Notes on Parenting

Insights for parenting babies, toddlers, teens, and young adults.

Thursday, June 9, 2011

Summer Swim Safety

With these 100 degree Texas temperatures and a family beach vacation next week water safety has been on my mind a lot lately. As the temperatures heat up and children get out of school for the summer, many families will be heading to the pool, lake, and beach or filling up the backyard inflatable pool. These water-filled times bring many laughs and family memories, but water safety is a must in order to make the experience both fun and safe for children of all ages.

There are some eye-opening statistics when it comes to children and water activities:
  • Approximately 3800 US children younger than 20 years visited a hospital emergency department for a nonfatal drowning event in 2008; more than 60% of those children were hospitalized.
  • Approximately 1100 US children younger than 20 years died from drowning in 2006.
  • Drowning is the number 2 leading cause of accidental death in children.
  • Two-thirds of deaths occur from May through August.
  • 282 US boys ages 15-19 died from accidental drowning in 2006.
  • Only 10% of children were completely unsupervised at the time of the drowning.
  • There is no evidence that drowning risk is higher in poor swimmers.
  • 76% of drowning occurred when there was no pool fencing or fencing was broken.

American Academy of Pediatrics (AAP) Swim Lesson Recommendations
Experts generally recommend that multiple “layers of protection” be used to prevent drowning, because no single strategy is likely to prevent all submersion deaths and injuries. Such layers might include environmental and personal measures such as:
  • Adult supervision, particularly "touch supervision"
  • Pool fencing
  • Pool covers (only if used properly & can hold the weight of children)
  • Water-entry alarms
  • Lifeguards
  • CPR training (Additional CPR information and courses for parents and caregivers is available through the American Heart Association and the American Red Cross).
  • Using a "designated water watcher"
  • Swimming and survival skills training
  • Use of Personal Flotation Devices (PFDs)
Should my young child take swim lessons?
Parents may feel that swim lessons for young children can help prevent drownings, but there is little evidence that this is true. Parents may also feel pressure to enroll their young children in swim lessons because friends and neighbors may have very young swimmers. But, unfortunately many of us have witnessed our young children screaming or crying through very expensive swim lessons. How do we balance our desire to keep our children water safe and not put them (and us) through a traumatic experience? The age at which to teach water-survival skills or initiate swimming lessons must be individualized on the basis of a variety of factors such as a child's frequency of exposure to water, health concerns related directly to the child (chemical exposure, asthma, skin allergies), water quality available, emotional maturity, and physical limitations.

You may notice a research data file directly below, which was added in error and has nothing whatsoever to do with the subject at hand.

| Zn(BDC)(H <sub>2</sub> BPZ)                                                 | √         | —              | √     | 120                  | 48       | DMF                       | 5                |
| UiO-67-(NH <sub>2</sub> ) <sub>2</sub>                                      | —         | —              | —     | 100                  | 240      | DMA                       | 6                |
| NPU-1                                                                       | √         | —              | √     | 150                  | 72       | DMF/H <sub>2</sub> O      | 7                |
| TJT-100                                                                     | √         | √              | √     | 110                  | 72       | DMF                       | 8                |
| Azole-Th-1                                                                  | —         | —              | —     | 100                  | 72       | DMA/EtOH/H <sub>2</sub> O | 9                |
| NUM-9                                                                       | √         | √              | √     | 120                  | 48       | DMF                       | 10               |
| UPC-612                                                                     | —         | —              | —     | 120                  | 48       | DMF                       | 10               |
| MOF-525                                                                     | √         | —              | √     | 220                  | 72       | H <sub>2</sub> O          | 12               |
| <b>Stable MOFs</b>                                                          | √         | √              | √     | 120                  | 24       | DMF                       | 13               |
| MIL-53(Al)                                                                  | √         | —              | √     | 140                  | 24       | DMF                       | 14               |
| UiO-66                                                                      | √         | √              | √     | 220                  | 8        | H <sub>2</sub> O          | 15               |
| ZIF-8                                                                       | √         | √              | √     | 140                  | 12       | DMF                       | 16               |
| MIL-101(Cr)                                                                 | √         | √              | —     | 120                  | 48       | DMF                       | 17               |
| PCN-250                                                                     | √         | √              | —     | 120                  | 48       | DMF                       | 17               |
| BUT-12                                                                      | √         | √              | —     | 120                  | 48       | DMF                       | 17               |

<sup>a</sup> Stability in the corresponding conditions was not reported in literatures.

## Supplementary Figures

In 2010 the AAP updated its previous recommendations on swim lessons in children under 4 years of age. The AAP no longer warns against swim lessons for children under 4, but does not feel there is enough evidence to recommend them either. Parents wondering what they should do may want to consider some pros and cons of early swim lessons.

Early Swim Lessons: Pros
  • All children should eventually learn to swim.
  • One 8- to 12-week training course for preschool-aged (24–42 months) children showed were able to develop the water-safety skills necessary to survive a fall into a home swimming pool. With training, the young children could stand and recover when dropped into 2 ft of water, kick propulsively, and get to the side of the pool after jumping in or being released in the pool by an adult.
  • Some children love swim lessons and don't experience the stress other children may exhibit.
Early Swim Lessons: Cons
  • swim lessons could cause parents to develop a false sense of security leading to inadequate supervision around water.
  • swimming programs might reduce a child's fear of water and unwittingly encourage him or her to enter the water without supervision.
  • some children will protest swim lessons creating a stressful, unhappy, and even fearful experience for both children and parents.
What are good swim lessons?
If you choose to enroll your young child in swim lessons, the World Aquatic Infants and Children Network has published guidelines for the operation of aquatic programs for children younger than 3 years. The guidelines address (1) required parental involvement, (2) a fun atmosphere with 1-on-1 teaching, (3) qualified teachers, (4) warm water, (5) maintenance of water purity, and (6) a limited number of submersions to prevent water ingestion and hyponatremia (an electrolyte imbalance that causes dizziness and vomiting).